10. 10. Screening and Evaluation-Anemia <ul><li>Currently, a woman applying for the WIC program is required at the initial meeting to submit to a finger prick to test for anemia. </li></ul><ul><li>Approximately six months later, the woman will have a blood sample taken again during the recertification process. </li></ul><ul><li>For my proposed program, a blood sample would be required once a month to track changes in the woman. It could be an early indicator of postpartum depression that might otherwise not be detected. </li></ul><ul><li>Studies have shown that low hemoglobin and serum ferritin levels can be associated with the development of PPD (Vahdat et al., 2007; Corwin, 2003) </li></ul>
  11. 11. Screening and Evaluation-PPD <ul><li>Currently, there is no formal screening that takes place for postpartum depression for a woman applying for and participating in the WIC program. </li></ul><ul><li>That is, except for a question asking if the woman has a history of depression. </li></ul><ul><li>If the counselor determines that a woman is depressed, an immediate referral is required. </li></ul><ul><li>I propose that the Edinburgh Postnatal Depression Scale (EPSD) could be completed when registering for the program on the first visit to detect for depression. This questionnaire could be completed once a month in addition to the blood sample. </li></ul><ul><li>For something so problematic, there should be a formal screening tool assist the counselors as they see the WIC participants on a more regular basis than a woman’s primary care team. </li></ul>
  12. 12. Sessions/classes <ul><li>These class topics should be based on the empowerment, education, and ability to bring positive change into the lives of the postpartum WIC participant. </li></ul><ul><li>The classes could be determined by the team of experts in regular meetings. </li></ul><ul><li>Topics could include, cooking classes and meal plans based on iron rich foods from a variety of cultures depending of the target population, stress management, parenting, relationships, meditation, gentle fitness classes. </li></ul><ul><li>Since the program is on-going, there should be some predictability especially if results are being achieved. However, there should also be room for variety and presenting new topics based on the need. </li></ul>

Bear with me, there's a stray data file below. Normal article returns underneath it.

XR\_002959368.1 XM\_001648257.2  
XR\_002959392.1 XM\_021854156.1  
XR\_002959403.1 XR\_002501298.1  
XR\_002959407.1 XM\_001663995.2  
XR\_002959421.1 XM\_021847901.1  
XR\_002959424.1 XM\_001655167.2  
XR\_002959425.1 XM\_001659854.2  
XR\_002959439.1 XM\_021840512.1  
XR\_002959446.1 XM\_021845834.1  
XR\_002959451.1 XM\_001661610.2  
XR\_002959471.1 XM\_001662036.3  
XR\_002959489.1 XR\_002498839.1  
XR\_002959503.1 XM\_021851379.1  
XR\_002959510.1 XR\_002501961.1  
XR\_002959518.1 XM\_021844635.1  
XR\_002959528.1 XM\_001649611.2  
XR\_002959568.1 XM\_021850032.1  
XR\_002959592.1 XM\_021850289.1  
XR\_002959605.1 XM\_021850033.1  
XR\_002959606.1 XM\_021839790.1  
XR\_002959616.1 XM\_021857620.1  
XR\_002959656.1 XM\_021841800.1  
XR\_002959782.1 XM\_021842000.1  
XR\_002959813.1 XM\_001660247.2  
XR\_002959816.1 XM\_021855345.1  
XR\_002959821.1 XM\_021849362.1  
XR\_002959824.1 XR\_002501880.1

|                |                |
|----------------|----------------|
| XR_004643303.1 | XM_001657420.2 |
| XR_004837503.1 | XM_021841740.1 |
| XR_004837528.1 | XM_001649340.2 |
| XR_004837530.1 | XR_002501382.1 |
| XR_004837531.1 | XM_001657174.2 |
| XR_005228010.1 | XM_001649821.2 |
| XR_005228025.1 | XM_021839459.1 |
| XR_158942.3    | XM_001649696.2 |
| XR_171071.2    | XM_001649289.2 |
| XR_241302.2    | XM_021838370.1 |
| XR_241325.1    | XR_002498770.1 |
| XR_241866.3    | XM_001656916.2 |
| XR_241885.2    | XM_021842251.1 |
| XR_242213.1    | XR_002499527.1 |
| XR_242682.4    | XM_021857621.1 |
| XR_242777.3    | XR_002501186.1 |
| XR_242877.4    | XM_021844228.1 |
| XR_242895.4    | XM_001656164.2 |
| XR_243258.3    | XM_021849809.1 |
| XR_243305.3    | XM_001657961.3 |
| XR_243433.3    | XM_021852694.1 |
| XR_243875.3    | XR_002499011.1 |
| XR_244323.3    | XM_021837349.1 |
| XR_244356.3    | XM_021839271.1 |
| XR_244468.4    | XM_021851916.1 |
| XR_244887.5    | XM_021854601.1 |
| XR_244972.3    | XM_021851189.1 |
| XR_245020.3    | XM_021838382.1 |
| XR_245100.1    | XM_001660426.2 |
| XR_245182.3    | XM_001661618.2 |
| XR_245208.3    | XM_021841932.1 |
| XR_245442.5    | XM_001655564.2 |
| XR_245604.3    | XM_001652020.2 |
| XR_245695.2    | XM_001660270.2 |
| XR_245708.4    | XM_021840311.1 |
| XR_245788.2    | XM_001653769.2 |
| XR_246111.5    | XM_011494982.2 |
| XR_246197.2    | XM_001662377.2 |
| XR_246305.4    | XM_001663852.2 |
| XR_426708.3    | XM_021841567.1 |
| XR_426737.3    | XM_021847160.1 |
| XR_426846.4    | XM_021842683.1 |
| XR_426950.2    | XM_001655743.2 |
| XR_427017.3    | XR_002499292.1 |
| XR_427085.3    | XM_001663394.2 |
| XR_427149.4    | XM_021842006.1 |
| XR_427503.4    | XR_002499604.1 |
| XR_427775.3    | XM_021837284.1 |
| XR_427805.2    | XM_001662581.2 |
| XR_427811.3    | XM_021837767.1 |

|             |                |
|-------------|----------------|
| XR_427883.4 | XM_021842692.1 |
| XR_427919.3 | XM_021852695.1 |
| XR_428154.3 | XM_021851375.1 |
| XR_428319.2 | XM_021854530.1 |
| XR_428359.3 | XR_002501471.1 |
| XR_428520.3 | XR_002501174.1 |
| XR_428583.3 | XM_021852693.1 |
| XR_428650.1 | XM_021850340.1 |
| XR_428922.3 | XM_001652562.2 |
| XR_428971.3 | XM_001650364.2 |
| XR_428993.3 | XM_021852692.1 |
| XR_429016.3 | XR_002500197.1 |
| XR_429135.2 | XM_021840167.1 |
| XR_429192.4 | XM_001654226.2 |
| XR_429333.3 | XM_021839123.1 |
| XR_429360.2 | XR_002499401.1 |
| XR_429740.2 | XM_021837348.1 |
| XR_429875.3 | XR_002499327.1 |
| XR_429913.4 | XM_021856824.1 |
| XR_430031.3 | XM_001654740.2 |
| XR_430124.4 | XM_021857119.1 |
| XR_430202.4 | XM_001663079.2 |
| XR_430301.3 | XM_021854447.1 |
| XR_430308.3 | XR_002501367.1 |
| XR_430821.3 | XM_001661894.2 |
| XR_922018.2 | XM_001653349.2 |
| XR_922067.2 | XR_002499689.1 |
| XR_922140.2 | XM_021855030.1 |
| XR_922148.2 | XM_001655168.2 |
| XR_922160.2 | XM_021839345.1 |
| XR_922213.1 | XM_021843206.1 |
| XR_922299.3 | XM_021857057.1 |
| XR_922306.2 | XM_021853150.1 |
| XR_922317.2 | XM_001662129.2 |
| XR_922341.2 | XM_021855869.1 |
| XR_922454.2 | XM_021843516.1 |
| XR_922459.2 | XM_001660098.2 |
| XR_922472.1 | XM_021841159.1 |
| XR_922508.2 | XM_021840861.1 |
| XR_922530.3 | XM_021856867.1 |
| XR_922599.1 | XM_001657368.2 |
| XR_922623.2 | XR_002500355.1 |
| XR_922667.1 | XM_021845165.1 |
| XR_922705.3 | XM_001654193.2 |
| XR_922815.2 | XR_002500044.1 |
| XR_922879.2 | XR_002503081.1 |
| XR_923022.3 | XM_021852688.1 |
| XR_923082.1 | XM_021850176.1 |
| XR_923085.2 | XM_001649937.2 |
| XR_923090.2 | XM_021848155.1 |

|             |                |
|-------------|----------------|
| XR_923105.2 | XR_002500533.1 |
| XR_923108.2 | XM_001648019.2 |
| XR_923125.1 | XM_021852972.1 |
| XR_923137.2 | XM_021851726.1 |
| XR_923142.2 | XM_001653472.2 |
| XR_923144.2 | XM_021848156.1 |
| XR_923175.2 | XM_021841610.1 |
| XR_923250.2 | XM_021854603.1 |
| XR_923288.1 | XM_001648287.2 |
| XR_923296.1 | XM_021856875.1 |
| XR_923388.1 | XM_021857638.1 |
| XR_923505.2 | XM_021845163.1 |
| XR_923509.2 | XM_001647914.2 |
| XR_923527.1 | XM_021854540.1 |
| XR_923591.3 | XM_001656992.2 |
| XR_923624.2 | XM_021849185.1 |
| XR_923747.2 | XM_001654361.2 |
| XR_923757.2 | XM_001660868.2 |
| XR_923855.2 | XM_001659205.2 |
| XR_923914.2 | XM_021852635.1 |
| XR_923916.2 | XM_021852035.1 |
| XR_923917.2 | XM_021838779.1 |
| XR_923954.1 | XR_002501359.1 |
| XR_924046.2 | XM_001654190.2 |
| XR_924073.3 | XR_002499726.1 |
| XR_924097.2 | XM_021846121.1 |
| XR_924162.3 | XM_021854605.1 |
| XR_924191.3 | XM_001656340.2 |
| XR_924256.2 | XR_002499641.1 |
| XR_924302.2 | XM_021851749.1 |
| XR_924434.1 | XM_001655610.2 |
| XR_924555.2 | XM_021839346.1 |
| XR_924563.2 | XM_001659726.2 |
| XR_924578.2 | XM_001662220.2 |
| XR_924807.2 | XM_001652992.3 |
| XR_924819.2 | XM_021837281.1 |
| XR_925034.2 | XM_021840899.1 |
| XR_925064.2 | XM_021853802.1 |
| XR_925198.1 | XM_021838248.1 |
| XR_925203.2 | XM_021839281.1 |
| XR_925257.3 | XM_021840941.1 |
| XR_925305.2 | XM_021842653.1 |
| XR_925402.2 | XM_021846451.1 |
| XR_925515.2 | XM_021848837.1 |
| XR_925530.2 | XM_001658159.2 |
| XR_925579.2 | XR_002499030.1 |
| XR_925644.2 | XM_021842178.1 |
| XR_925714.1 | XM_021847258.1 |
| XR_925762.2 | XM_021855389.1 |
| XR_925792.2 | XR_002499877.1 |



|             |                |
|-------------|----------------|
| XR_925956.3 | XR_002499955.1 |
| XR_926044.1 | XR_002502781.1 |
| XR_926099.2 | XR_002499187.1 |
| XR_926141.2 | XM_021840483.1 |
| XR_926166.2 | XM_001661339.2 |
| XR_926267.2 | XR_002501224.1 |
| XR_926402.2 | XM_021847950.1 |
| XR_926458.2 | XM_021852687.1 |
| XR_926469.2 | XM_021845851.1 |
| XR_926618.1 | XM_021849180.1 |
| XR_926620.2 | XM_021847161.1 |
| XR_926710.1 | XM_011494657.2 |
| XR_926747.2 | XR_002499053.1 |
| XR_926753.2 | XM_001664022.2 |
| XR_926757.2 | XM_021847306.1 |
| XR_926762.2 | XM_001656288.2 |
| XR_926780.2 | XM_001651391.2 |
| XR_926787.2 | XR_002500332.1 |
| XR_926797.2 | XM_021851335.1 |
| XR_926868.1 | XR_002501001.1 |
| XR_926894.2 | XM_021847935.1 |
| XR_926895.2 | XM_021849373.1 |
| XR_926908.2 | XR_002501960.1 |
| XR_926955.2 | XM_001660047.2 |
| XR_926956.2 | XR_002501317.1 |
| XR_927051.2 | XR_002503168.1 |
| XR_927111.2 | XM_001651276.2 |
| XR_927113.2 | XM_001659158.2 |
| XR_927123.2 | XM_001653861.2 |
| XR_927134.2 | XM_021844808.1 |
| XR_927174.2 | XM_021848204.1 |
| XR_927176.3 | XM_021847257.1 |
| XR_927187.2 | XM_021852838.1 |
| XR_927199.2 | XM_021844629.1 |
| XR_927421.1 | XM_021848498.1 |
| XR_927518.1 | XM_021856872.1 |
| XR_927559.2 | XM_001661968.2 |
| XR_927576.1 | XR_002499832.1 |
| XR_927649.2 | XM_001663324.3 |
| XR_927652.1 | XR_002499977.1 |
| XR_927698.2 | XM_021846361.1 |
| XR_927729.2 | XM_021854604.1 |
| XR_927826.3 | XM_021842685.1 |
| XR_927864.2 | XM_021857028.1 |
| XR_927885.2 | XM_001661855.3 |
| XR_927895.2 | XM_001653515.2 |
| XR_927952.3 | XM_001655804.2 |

13. 13. Tracking Participants <ul><li>Each postpartum woman would have her own file which be held at the WIC center. </li></ul><ul><li>Since this is different and separate from the food instrument program, the paperwork would be completed by the participant and the person leading the session that week. </li></ul><ul><li>The necessary paperwork includes, but is not limited to: health history, informed consent, chart for tracking blood chemistry, EPSD questionnaires, chart for tracking session attended and the date attended, class evaluation completed by participants. </li></ul>